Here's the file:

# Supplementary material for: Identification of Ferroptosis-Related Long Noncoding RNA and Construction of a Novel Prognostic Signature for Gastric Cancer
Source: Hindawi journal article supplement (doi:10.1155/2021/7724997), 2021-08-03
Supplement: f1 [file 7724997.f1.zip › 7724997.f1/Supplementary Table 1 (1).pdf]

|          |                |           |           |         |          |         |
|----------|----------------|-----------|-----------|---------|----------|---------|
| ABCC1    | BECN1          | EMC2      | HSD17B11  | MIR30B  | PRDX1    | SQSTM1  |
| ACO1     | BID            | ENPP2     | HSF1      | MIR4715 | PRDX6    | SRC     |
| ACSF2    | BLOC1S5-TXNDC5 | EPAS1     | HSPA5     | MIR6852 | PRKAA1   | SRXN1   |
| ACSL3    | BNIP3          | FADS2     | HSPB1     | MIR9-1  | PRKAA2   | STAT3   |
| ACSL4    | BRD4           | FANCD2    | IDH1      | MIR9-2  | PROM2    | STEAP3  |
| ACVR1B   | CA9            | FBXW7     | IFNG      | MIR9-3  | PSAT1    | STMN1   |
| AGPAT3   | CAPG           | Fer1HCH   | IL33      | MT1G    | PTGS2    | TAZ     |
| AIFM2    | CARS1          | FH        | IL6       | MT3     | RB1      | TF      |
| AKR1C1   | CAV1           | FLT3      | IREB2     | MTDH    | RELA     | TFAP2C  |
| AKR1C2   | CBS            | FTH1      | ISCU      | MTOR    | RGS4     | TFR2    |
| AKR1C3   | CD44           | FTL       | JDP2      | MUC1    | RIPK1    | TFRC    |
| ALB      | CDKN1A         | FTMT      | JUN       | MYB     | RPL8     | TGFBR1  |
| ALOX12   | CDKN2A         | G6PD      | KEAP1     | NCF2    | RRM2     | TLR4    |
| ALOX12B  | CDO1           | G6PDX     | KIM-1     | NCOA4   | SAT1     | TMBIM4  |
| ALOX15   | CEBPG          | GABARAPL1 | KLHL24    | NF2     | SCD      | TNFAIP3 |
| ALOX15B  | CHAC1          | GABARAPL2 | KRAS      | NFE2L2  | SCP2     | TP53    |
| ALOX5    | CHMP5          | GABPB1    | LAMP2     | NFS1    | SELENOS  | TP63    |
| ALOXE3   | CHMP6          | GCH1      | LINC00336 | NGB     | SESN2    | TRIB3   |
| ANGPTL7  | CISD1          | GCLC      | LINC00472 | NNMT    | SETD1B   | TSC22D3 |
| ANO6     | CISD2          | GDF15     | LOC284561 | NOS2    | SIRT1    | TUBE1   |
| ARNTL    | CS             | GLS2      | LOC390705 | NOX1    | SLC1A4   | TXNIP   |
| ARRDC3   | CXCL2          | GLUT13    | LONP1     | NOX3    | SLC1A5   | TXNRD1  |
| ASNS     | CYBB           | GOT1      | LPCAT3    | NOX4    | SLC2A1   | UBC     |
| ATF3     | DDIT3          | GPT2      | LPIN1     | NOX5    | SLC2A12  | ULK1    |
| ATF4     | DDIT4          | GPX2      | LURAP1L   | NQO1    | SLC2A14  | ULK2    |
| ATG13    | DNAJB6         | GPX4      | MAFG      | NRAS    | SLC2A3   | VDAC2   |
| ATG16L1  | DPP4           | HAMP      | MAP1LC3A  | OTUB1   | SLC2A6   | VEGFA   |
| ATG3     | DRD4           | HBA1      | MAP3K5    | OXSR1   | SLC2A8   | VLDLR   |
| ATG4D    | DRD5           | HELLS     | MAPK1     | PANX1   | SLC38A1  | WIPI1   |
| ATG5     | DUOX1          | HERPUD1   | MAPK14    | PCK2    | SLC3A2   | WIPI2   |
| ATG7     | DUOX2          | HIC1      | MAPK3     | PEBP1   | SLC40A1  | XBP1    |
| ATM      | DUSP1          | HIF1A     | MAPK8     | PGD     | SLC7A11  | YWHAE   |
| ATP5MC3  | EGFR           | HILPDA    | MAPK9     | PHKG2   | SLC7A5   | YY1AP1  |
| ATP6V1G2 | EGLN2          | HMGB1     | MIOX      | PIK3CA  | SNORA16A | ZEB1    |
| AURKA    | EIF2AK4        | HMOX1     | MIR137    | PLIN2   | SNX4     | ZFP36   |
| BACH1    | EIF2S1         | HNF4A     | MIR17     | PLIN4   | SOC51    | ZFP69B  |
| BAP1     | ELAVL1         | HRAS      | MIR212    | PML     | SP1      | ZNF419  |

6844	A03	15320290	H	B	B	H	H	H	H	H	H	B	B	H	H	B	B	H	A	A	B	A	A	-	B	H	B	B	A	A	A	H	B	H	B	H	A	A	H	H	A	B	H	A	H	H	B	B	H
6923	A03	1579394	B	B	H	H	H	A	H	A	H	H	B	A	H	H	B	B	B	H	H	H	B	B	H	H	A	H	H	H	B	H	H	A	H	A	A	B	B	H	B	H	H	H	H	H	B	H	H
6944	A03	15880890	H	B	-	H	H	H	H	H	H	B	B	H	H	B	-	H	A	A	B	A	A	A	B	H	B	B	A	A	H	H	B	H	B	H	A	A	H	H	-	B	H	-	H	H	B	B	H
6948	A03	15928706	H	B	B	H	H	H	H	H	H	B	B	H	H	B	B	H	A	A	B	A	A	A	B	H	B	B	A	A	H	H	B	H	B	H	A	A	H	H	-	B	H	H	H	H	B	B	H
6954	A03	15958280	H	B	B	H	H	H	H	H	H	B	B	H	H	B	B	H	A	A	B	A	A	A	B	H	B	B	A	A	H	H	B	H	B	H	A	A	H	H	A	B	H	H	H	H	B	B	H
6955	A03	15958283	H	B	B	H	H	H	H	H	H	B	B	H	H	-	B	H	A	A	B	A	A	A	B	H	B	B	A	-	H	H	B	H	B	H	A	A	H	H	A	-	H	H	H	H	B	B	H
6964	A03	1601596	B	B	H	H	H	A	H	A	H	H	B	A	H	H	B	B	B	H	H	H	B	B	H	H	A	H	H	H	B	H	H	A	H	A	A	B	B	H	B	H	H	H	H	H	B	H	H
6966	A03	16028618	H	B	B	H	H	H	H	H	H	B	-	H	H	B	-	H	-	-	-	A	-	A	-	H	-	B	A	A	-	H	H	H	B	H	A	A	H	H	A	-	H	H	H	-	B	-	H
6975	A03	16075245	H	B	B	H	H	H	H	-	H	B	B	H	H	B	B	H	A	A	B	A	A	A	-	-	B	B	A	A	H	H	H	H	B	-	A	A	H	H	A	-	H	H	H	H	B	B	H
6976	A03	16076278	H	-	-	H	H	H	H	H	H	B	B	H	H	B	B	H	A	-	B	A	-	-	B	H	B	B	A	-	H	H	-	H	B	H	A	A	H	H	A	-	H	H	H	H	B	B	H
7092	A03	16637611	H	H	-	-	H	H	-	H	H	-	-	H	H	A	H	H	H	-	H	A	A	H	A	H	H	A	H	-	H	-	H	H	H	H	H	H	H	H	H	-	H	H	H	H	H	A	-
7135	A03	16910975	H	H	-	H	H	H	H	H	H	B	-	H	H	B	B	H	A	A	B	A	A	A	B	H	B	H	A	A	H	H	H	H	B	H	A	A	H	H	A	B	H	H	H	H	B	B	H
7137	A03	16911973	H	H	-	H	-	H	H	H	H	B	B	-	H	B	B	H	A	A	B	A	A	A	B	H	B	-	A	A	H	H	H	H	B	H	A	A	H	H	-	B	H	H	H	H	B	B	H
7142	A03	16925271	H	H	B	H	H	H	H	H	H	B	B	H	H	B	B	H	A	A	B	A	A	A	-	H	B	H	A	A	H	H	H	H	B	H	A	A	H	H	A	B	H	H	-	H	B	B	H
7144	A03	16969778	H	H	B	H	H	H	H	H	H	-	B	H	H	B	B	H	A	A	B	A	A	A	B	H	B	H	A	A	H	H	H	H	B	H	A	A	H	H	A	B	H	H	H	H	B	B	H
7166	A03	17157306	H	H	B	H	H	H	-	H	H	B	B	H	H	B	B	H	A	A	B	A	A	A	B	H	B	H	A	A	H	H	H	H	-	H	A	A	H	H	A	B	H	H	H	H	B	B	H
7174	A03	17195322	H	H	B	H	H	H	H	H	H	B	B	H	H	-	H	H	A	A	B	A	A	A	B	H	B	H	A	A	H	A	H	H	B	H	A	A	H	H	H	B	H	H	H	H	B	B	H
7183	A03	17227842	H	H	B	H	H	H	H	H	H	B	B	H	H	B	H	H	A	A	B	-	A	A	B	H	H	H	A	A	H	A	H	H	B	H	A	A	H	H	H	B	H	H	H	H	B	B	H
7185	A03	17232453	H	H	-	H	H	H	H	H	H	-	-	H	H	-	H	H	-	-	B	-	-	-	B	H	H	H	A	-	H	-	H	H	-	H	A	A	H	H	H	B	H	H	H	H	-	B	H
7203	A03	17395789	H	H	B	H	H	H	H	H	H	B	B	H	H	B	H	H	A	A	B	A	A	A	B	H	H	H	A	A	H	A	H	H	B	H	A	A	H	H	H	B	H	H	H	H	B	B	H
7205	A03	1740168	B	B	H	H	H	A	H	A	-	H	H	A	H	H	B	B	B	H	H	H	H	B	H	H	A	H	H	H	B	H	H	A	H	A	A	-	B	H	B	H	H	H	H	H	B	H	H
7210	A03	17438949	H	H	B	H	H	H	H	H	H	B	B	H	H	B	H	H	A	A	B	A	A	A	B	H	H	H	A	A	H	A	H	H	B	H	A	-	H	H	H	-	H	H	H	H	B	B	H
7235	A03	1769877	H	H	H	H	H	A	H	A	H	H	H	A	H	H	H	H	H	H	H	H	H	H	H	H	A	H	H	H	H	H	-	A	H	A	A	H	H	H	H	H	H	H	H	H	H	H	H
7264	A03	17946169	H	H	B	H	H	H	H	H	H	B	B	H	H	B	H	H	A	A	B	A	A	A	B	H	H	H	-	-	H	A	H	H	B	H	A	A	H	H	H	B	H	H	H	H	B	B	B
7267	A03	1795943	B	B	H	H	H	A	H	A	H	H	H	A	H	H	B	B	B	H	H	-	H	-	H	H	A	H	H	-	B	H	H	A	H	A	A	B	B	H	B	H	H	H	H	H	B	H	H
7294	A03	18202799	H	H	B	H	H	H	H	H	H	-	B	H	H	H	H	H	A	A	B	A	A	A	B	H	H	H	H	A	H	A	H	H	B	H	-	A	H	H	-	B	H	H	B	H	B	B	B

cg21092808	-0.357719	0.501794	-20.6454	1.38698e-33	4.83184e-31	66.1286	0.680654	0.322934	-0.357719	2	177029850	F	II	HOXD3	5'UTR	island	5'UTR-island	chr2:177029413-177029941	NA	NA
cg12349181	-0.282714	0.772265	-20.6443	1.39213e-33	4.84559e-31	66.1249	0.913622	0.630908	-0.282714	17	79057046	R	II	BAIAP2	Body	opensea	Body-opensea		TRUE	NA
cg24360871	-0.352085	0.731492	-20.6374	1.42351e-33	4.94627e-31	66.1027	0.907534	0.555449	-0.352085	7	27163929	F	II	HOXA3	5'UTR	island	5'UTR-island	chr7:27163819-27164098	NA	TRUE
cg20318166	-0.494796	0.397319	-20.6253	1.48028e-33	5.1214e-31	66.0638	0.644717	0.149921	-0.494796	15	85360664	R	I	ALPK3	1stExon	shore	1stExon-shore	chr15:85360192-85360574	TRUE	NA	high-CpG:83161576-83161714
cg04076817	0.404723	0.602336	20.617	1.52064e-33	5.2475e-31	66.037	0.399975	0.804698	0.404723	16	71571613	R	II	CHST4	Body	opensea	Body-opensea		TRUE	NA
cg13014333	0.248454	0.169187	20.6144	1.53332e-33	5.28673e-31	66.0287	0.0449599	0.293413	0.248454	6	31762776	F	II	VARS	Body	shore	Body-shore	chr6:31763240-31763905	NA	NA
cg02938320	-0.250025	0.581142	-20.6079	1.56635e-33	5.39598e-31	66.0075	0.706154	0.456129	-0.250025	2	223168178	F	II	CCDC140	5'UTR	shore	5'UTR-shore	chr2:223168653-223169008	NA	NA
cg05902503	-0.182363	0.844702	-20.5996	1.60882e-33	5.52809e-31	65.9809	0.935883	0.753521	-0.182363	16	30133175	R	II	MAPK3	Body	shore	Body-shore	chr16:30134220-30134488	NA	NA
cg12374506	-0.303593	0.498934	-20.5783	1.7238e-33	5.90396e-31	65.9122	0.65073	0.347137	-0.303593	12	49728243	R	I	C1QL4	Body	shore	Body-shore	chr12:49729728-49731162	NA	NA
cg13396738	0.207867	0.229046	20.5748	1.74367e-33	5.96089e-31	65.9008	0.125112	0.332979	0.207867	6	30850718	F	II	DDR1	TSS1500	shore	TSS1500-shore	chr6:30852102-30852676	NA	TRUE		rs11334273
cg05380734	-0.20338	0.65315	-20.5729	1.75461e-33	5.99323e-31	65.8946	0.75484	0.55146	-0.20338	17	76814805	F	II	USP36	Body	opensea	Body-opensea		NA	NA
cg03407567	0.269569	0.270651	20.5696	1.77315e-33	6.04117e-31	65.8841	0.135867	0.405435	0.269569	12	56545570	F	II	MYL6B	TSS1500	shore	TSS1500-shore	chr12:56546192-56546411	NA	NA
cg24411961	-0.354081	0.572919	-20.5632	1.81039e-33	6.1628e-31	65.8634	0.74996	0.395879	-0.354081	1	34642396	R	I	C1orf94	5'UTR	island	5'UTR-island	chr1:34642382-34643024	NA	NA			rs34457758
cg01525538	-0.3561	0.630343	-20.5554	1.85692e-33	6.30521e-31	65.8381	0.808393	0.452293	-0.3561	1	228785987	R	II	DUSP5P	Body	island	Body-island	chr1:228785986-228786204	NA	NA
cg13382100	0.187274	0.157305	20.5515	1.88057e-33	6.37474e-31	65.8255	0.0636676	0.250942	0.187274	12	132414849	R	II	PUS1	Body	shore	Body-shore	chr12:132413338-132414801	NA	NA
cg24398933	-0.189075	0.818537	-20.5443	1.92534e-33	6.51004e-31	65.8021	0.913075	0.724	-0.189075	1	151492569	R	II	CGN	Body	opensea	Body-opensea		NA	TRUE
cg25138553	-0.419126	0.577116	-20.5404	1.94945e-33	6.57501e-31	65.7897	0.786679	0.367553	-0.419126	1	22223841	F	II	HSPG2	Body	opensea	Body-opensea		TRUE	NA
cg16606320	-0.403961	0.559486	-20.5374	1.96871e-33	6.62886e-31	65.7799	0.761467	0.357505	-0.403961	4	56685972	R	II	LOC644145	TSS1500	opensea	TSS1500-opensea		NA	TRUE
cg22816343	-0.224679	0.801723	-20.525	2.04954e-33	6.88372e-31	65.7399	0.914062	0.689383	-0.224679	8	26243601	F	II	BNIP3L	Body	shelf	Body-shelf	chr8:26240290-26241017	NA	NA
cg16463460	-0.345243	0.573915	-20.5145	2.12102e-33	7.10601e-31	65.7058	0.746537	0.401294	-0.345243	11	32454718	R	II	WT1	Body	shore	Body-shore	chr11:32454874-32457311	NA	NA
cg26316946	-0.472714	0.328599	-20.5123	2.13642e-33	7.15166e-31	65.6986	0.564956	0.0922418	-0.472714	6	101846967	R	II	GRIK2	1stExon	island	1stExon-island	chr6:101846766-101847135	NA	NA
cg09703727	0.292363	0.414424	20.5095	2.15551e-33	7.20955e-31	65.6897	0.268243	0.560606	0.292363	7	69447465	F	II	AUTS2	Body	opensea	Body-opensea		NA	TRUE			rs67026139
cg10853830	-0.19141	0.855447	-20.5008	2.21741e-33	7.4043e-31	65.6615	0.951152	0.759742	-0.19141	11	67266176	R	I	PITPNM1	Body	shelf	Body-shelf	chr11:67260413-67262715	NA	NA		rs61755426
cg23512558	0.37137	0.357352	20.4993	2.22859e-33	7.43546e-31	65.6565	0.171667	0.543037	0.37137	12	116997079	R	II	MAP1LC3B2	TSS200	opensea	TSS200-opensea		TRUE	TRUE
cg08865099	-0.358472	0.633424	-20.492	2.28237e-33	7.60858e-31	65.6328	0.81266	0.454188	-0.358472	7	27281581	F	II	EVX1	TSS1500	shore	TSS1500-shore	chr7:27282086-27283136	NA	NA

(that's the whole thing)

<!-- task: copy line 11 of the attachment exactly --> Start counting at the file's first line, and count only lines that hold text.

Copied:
| ACVR1B   | CA9            | FBXW7     | IFNG      | MIR9-3  | PSAT1    | STMN1   |